Walton Goggins is familiar to most of the entertainment-consuming public as either Boyd Crowder fromJustified or Venus Van Dam fromSons of Anarchy, both meaty roles on long-running TV shows with dedicated followings. But thanks to the efforts of Quentin Tarantino, Goggins may henceforth be known for his much-lauded performance as Chris Mannix, the supposed sheriff-to-be who ends up playing a pivotal role in The Hateful Eight, currently playing in a theater near you. Vulture caught up with Goggins to talk texting with the Hateful Eight cast, why Tarantino is like an “oasis,” and the difference between playing a character over two hours and playing them for an entire season.
How’s it going?
Look at the smile on my face.
You seem pretty happy.
I’m really happy, man. Like, anyone who’s ever been remotely in a position like the one I currently find myself in, and that means a contractor who gets a great opportunity to build a house from an architect that he’s admired or loved, that’s how I feel, you know? There’s been a string of that, all culminating in this grand life experience with Quentin and this role of Chris Mannix and my Hateful Eight family, these actors. It’s extraordinary.
I talked to Kurt Russell recently, and he said that all the Hateful Eight actors have a text chain going, and that an uncommon, enduring relationship was formed on set.
It doesn’t happen ever. Seven months after you wrap a movie, you have the likes of the people in this cast, from Kurt to Sam [Jackson] to Jennifer [Jason Leigh] to Tim [Roth] to Demián [Bichir], all in different countries, texting 30 times a day? Come on, man. [Laughs.] That doesn’t happen with friends you’ve had for 20 years! It’s very real, and it’s very unique. I think we just all respect each other so much, and respect Quentin, and respect the opportunity to make this movie, and what we went through to make this movie.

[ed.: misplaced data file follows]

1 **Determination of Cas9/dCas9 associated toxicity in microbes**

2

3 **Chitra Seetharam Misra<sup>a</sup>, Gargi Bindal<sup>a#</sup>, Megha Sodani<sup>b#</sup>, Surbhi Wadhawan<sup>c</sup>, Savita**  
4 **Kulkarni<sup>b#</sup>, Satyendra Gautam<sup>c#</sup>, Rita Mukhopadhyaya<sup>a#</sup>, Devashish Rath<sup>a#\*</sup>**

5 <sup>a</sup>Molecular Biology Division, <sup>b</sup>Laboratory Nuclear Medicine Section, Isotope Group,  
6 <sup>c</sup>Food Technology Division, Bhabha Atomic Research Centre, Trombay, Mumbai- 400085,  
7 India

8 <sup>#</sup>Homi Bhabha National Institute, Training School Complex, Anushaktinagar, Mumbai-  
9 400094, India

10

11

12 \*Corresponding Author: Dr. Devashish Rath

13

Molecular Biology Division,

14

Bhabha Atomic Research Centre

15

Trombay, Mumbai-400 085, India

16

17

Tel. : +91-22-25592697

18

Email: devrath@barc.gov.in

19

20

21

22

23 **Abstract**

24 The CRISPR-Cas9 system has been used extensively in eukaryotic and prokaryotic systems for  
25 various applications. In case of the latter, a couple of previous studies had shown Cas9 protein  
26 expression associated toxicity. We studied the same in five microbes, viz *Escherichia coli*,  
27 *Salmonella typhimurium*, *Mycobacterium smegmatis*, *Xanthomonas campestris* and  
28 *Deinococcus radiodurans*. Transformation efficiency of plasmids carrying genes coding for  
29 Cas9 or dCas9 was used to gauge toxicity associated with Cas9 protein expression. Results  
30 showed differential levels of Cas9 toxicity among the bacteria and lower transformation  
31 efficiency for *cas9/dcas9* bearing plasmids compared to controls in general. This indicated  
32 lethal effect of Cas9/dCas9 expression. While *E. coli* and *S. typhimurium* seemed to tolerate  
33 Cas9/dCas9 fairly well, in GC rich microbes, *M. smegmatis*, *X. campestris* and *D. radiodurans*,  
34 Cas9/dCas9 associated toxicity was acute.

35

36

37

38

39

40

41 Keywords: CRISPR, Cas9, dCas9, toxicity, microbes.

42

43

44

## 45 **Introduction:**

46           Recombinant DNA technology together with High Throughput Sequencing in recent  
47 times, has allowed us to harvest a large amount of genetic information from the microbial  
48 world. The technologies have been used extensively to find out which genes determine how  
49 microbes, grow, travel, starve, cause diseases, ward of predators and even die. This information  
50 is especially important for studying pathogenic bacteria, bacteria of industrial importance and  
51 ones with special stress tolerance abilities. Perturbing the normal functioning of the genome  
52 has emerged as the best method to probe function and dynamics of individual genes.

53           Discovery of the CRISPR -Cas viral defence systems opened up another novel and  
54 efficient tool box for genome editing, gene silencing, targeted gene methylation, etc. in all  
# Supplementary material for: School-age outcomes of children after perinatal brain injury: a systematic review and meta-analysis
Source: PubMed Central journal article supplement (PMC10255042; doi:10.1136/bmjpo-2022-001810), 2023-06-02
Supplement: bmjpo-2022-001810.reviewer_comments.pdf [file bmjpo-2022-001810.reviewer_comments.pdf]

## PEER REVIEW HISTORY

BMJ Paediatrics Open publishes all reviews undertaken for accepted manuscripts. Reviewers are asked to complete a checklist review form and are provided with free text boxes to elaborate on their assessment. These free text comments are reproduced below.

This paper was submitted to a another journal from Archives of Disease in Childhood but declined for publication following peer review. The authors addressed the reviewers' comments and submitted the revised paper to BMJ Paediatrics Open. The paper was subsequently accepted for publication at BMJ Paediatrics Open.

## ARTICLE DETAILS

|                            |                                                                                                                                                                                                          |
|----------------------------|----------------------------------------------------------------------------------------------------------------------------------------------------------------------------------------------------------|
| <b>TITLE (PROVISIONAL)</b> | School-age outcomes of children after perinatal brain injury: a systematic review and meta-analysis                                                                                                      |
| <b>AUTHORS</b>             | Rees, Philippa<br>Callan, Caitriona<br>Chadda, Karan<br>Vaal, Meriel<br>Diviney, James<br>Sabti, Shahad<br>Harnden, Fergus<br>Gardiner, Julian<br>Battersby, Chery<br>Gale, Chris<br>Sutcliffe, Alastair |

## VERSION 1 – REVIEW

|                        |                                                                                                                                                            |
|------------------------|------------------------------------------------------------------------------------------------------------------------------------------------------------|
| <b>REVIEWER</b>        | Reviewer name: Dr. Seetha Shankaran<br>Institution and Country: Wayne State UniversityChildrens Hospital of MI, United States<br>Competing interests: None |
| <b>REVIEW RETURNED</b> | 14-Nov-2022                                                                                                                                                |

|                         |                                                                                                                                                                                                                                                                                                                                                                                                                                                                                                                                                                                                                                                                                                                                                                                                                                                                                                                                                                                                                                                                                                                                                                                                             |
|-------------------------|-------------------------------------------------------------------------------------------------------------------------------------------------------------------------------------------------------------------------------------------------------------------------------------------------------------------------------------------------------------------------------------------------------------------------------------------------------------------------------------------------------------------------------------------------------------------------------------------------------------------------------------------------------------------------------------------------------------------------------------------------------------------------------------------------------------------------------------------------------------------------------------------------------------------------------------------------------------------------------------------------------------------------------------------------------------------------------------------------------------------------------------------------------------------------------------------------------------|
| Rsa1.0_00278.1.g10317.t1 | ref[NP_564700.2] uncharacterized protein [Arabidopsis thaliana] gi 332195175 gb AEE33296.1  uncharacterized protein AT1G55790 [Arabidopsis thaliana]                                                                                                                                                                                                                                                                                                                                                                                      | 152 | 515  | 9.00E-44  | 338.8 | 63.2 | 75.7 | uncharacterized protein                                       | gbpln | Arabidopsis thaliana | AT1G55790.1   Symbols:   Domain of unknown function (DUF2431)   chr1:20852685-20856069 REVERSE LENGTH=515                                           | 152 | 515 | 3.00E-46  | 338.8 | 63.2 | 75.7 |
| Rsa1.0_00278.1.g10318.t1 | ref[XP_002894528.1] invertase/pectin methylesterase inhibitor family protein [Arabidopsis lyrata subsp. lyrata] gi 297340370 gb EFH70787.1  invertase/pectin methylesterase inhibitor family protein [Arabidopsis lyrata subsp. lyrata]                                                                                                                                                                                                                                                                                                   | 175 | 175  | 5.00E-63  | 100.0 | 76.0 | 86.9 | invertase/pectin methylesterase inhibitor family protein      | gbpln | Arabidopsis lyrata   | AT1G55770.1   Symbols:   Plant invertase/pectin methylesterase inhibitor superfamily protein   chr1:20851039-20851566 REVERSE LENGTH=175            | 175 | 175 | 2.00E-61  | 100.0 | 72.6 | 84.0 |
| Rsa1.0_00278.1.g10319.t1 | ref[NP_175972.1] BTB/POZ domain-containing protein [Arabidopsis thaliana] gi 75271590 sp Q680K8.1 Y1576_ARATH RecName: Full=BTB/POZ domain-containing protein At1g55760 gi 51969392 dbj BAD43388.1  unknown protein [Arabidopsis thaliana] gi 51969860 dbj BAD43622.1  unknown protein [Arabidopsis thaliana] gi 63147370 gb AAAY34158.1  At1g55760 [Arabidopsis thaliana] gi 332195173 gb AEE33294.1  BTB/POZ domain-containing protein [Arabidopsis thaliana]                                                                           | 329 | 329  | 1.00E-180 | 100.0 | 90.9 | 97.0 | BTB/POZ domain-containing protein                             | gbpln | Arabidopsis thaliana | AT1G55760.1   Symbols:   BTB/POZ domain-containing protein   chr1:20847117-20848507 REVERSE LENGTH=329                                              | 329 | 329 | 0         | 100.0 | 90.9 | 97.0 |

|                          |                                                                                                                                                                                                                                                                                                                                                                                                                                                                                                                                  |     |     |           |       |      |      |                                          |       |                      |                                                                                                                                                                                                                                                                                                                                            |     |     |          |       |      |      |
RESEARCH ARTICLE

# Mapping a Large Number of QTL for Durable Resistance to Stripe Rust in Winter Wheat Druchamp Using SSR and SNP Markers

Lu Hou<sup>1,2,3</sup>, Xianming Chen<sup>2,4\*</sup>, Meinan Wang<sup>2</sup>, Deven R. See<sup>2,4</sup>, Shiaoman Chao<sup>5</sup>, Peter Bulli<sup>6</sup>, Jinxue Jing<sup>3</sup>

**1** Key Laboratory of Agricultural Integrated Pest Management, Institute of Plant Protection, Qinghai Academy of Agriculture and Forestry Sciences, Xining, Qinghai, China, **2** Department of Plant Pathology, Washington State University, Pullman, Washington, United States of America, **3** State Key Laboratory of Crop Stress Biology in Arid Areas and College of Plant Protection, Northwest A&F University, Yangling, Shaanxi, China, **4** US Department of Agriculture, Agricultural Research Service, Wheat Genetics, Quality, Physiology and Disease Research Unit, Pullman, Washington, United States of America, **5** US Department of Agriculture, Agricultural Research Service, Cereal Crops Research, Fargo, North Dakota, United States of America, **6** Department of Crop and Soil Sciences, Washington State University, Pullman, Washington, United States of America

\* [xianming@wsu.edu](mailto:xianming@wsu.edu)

Within the cast, you’re kind of the newcomer: You’ve been around for a long time, but compared to guys like Sam Jackson and Kurt Russell, you’re on the rise. When Quentin came to you with this part, what was your reaction?
I suppose the true way for me to answer that question is to be silent, because there are no words. Maybe, in your article, you just put “dot dot dot,” because that really is the truth. What do you say? I never for once doubted that I would be able to do it, I just wanted to do it for him, and to be included in this group of people. Grateful is such an overused word, but I truly am, man. I was humbled, and I understood what it meant.
But you can’t stay in the mind-set of I can’t believe this is happening to mefor too long. I tried to just move past that and instead start thinking, What can I bring to him, and what can I bring to the other actors, and to this crew, and to everybody else, every single day? For me, it was: How can I start here, in an arrested state of development, as a person who has never had his own worldview, let alone his own real, independent thought, someone who, when Major Warren is shot, becomes a 4-year-old little boy? He falls down on that ground and he has, for the first time in his life, no real authority figure. That’s it. He’s alone. Then, over the course of the last chapter of this movie, Chris Mannix becomes a man.
You can check out the interview in full over at Vulture.com